AMET Ricky Interview: Always Measuring Every Triumph Realizing Inferiority Can Kill You

AMET Ricky Interview:  Always Measuring Every Triumph Realizing Inferiority Can Kill You

By Derek Jones

Arryelle Vines, known by her fans as AMET Ricky, grabs her listeners by the ears and drags them into her world. You can kick and scream for her to stop, but it won’t work. She’s vicious behind the microphone and she’ll cause the wax to melt from your ears.

AMET Ricky, who we found on ReverbNation is set to become the next big hip-hop artist to make a global splash. This hot artist has an arsenal of highly flammable lyrical content and she can’t even buy a beer at a local bar. She’s only seventeen. AMET Ricky is a sophomore at North Carolina Central University where she’s majoring in Journalism & Mass Communications.

On her summer trek doing shows from venue to venue across the state, she made a pit stop in Charlotte, North Carolina. After reaching out to AMET Ricky via social media, I was fortunate enough to arrange an interview with her.

 When I arrived at Northlake Mall’s food court in Charlotte to meet AMET Ricky, she was nowhere in sight. I assumed that she was still en route for our interview. Then, all of a sudden, I got a text that read “Hey I’m here.” I took a few more steps and there was AMET Ricky. The prescription frames along with the hat twisted to the back and the long chain dangling around her neck confirmed it. Strapped to her feet, a pair of crispy white Air Force Ones. It was AMET Ricky in the flesh.

We found an empty table outside in the shade and I began to find out exactly what makes this seventeen-year-old fire-spitter tick.


You and Maalah, the artist featured on your song “My Way,” seem to vibe effortlessly throughout the music video.  It feels like she’s your best friend.  How did you two meet and what made you choose her for the song?

Maalah is one of my friends from Central (North Carolina Central University).  She doesn’t sing often and she hates singing in front of people.  When I was recording “The Way,” I was like, I really want somebody to sing the hook on this song.  Maalah agreed to do it and I’m glad she did because it came out great.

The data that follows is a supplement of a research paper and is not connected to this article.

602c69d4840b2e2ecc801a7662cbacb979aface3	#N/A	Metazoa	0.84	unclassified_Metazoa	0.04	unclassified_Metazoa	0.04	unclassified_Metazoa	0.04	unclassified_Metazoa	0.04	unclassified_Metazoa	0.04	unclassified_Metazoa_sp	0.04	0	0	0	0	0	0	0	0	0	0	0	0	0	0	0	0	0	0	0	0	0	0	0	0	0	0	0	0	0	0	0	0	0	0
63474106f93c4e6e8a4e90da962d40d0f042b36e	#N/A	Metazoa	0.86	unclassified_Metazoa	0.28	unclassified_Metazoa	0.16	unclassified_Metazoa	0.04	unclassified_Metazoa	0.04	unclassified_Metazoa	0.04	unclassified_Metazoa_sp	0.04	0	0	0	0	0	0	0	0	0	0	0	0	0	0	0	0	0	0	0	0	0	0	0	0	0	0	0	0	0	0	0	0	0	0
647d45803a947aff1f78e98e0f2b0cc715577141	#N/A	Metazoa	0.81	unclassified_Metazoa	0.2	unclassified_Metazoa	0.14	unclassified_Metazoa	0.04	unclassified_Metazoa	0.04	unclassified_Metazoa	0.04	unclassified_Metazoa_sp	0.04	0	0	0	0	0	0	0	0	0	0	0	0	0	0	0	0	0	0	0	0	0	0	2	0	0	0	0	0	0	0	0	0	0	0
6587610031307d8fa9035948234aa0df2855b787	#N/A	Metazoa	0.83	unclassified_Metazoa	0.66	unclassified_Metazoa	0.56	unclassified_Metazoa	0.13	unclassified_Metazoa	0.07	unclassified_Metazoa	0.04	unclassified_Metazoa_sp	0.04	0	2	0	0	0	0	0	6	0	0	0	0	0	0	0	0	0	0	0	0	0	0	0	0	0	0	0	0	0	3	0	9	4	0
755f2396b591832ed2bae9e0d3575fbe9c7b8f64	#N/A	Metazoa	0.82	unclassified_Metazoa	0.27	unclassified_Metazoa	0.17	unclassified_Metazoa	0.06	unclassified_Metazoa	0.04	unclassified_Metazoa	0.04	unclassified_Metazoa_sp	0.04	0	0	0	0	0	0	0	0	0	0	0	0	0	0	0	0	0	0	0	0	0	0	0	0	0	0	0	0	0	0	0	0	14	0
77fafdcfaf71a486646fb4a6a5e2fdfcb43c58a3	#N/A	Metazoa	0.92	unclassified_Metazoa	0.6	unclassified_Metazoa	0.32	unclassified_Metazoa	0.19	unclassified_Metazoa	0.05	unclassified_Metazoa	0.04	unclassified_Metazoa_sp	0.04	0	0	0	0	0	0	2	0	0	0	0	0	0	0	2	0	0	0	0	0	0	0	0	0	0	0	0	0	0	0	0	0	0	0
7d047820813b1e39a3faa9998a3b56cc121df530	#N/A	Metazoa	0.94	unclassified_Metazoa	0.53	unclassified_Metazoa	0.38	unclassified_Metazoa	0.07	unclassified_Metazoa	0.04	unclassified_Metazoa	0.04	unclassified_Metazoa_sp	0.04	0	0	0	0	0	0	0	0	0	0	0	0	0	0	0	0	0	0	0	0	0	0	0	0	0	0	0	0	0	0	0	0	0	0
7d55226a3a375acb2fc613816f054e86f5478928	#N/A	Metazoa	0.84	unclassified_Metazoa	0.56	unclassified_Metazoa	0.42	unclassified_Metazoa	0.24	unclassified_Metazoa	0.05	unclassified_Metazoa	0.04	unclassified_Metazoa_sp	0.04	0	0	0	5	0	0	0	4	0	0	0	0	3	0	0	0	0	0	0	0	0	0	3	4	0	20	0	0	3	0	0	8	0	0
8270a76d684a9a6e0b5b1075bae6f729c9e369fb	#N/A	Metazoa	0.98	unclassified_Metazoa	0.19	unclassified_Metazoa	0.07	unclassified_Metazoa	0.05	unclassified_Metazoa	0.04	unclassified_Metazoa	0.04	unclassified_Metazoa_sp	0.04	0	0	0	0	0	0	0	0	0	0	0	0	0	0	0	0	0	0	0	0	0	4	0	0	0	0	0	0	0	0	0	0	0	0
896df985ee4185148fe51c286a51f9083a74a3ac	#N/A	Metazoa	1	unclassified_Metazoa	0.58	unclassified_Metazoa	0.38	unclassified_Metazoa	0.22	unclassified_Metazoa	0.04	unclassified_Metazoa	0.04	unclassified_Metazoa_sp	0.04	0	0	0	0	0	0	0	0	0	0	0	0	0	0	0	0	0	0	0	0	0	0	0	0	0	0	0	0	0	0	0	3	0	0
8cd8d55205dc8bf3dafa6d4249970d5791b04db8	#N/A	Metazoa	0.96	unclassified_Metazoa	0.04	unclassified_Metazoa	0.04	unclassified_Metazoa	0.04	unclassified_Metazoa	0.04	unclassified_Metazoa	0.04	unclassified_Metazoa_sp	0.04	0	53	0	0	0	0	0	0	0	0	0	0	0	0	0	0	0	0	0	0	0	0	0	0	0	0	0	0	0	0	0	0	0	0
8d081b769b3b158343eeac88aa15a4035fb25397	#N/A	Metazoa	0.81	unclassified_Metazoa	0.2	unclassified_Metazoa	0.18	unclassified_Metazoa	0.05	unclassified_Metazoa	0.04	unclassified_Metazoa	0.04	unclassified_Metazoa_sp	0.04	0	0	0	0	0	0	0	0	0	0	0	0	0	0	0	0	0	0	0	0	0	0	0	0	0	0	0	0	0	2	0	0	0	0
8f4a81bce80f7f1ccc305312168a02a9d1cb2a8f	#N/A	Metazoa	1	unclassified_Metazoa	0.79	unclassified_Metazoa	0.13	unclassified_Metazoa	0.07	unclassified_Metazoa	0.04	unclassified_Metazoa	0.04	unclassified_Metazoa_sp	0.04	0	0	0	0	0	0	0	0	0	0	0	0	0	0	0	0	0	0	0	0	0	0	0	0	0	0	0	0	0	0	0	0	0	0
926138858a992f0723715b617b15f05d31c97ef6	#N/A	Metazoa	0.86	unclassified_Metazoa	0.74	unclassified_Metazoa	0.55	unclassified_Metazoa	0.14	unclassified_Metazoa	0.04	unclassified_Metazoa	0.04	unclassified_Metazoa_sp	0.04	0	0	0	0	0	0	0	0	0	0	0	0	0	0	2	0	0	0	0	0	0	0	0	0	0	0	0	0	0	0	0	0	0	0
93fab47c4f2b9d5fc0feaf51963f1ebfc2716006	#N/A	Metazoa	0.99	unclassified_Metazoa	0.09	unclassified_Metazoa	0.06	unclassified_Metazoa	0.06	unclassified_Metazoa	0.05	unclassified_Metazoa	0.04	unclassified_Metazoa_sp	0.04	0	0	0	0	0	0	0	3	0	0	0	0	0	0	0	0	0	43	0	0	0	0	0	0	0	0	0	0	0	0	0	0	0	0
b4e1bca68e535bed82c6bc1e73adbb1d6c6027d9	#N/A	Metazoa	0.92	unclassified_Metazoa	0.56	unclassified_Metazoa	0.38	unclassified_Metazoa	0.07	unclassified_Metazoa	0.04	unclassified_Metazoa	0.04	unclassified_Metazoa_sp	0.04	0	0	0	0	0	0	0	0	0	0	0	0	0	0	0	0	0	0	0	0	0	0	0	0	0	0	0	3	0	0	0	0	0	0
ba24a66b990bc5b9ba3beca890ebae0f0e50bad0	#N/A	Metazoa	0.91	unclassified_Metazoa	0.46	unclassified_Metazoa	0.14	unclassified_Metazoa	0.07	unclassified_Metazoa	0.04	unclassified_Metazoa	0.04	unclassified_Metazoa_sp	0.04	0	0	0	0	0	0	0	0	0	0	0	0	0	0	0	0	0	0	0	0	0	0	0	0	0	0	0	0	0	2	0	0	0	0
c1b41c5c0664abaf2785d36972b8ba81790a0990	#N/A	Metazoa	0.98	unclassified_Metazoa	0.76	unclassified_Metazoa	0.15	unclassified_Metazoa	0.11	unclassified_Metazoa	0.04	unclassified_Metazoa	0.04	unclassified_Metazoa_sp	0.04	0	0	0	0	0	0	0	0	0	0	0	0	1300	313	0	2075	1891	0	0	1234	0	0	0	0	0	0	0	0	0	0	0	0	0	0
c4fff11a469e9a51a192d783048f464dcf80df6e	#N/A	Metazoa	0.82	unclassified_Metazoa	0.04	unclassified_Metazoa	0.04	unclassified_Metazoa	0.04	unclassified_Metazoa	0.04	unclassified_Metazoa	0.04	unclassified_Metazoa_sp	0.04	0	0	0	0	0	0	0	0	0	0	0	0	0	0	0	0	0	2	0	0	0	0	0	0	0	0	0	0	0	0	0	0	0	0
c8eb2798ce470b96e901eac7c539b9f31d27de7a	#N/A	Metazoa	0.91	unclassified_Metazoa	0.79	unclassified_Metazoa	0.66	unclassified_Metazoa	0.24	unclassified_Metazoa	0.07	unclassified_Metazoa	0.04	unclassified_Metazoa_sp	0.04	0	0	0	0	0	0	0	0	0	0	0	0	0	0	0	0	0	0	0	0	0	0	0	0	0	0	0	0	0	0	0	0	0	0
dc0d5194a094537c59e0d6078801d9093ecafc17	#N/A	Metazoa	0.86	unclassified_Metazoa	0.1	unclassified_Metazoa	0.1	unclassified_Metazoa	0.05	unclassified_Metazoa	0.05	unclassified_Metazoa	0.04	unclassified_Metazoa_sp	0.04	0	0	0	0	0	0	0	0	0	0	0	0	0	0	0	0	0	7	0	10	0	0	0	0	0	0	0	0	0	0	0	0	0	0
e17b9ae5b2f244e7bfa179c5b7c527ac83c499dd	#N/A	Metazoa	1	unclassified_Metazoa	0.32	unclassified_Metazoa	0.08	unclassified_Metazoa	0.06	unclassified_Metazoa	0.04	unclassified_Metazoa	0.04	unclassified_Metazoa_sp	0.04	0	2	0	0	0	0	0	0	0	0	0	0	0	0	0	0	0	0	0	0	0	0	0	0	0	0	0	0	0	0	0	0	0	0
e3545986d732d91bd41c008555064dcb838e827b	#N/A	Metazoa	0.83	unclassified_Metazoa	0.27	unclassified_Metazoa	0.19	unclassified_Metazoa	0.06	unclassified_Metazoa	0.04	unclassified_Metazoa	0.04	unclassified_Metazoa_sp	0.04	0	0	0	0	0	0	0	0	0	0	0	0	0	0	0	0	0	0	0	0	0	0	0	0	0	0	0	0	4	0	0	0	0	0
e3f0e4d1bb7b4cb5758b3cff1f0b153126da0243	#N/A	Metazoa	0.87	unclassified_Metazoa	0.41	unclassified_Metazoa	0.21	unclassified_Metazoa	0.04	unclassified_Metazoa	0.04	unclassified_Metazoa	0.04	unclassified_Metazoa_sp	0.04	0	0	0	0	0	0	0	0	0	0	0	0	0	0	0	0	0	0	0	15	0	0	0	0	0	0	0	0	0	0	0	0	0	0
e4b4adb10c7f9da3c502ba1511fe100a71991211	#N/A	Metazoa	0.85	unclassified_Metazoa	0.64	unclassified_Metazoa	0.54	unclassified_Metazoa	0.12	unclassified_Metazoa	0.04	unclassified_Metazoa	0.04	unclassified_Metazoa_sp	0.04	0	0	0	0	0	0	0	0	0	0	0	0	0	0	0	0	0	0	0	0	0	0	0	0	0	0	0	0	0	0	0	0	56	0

Your material is ear-grabbing because of  your ability to pull the listener into your world with your lyrics.  What inspires your music?  

I’m a storyteller. I talk about my life in my music. I think people are so drawn because they tend to cling to the truth.  So when I’m looking for inspiration I just talk about whatever’s going on in my life, good or bad.

Even with the harsh realities of life, we should all find a way to enjoy it because it’s short and tomorrow’s not promised.  That was the message I got after hearing  “The Way.”  Was that the overall message of the song?

Yes.  I’ve been through things in life that made me realize that whatever’s going on isn’t permanent.  Nothing lasts forever.  “The Way” was about people being killed, stereotypes, heartbreak and not fitting in.  It’s your life and you deserve to live it in happiness.  Forget what everyone else has to say.

Being a director myself I’ve taken on the guerilla-style filmmaker’s mentality and shot in places that I didn’t have permission to use.  We were in and out.  Did Paul Blart the mall cop pop up at any point during the shooting of  the “The Way” music video?

We were being sneaky.  We used an iPhone to shoot it. We basically played it off when we had to.  The director (Khadijah McIntyre) walked further behind us so it looked as if we were just two girls hanging out at the mall.  Mall security never picked up on what we were actually doing.

If I took you to a studio right now and told you that I’d fly in an artist of your choice for you to do a full album with, who would I be booking a flight for and why?